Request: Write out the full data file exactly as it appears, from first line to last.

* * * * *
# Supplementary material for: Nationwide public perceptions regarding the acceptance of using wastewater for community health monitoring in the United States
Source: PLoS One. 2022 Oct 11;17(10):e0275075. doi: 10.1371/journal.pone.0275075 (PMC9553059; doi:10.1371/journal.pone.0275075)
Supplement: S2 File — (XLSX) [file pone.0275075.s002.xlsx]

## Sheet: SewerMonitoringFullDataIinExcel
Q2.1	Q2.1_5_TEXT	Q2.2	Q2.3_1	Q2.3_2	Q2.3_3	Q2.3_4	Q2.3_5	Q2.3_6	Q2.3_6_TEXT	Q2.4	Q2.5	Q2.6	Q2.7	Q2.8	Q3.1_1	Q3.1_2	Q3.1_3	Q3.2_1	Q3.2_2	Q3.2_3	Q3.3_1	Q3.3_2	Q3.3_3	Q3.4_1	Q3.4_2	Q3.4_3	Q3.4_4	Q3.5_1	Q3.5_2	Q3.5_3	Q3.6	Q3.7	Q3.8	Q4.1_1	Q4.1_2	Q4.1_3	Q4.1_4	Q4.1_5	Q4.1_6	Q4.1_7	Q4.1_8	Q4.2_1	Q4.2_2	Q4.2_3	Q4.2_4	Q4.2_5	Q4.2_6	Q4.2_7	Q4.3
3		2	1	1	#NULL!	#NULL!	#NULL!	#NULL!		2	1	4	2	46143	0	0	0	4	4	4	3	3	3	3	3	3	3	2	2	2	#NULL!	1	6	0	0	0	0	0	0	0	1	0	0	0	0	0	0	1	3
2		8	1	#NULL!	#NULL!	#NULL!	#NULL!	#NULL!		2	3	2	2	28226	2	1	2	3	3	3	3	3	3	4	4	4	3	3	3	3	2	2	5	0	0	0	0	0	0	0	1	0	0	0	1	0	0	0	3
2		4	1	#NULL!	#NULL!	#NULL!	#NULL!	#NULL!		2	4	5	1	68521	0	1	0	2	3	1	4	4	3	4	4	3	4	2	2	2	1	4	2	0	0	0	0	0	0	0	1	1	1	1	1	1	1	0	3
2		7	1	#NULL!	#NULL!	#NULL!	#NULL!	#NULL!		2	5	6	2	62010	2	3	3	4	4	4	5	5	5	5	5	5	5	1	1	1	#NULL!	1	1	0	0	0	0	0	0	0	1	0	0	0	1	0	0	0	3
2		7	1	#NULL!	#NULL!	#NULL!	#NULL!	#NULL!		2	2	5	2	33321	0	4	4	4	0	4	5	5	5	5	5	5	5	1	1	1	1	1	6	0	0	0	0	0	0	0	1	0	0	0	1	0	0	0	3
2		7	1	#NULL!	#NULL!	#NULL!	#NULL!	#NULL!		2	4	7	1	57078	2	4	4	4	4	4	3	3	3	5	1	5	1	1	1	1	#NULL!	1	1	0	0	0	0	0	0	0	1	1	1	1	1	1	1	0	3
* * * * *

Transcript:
# Supplementary material for: Nationwide public perceptions regarding the acceptance of using wastewater for community health monitoring in the United States
Source: PLoS One. 2022 Oct 11;17(10):e0275075. doi: 10.1371/journal.pone.0275075 (PMC9553059; doi:10.1371/journal.pone.0275075)
Supplement: S2 File — (XLSX) [file pone.0275075.s002.xlsx]

## Sheet: SewerMonitoringFullDataIinExcel
Q2.1	Q2.1_5_TEXT	Q2.2	Q2.3_1	Q2.3_2	Q2.3_3	Q2.3_4	Q2.3_5	Q2.3_6	Q2.3_6_TEXT	Q2.4	Q2.5	Q2.6	Q2.7	Q2.8	Q3.1_1	Q3.1_2	Q3.1_3	Q3.2_1	Q3.2_2	Q3.2_3	Q3.3_1	Q3.3_2	Q3.3_3	Q3.4_1	Q3.4_2	Q3.4_3	Q3.4_4	Q3.5_1	Q3.5_2	Q3.5_3	Q3.6	Q3.7	Q3.8	Q4.1_1	Q4.1_2	Q4.1_3	Q4.1_4	Q4.1_5	Q4.1_6	Q4.1_7	Q4.1_8	Q4.2_1	Q4.2_2	Q4.2_3	Q4.2_4	Q4.2_5	Q4.2_6	Q4.2_7	Q4.3
3		2	1	1	#NULL!	#NULL!	#NULL!	#NULL!		2	1	4	2	46143	0	0	0	4	4	4	3	3	3	3	3	3	3	2	2	2	#NULL!	1	6	0	0	0	0	0	0	0	1	0	0	0	0	0	0	1	3
2		8	1	#NULL!	#NULL!	#NULL!	#NULL!	#NULL!		2	3	2	2	28226	2	1	2	3	3	3	3	3	3	4	4	4	3	3	3	3	2	2	5	0	0	0	0	0	0	0	1	0	0	0	1	0	0	0	3
2		4	1	#NULL!	#NULL!	#NULL!	#NULL!	#NULL!		2	4	5	1	68521	0	1	0	2	3	1	4	4	3	4	4	3	4	2	2	2	1	4	2	0	0	0	0	0	0	0	1	1	1	1	1	1	1	0	3
2		7	1	#NULL!	#NULL!	#NULL!	#NULL!	#NULL!		2	5	6	2	62010	2	3	3	4	4	4	5	5	5	5	5	5	5	1	1	1	#NULL!	1	1	0	0	0	0	0	0	0	1	0	0	0	1	0	0	0	3
2		7	1	#NULL!	#NULL!	#NULL!	#NULL!	#NULL!		2	2	5	2	33321	0	4	4	4	0	4	5	5	5	5	5	5	5	1	1	1	1	1	6	0	0	0	0	0	0	0	1	0	0	0	1	0	0	0	3
2		7	1	#NULL!	#NULL!	#NULL!	#NULL!	#NULL!		2	4	7	1	57078	2	4	4	4	4	4	3	3	3	5	1	5	1	1	1	1	#NULL!	1	1	0	0	0	0	0	0	0	1	1	1	1	1	1	1	0	3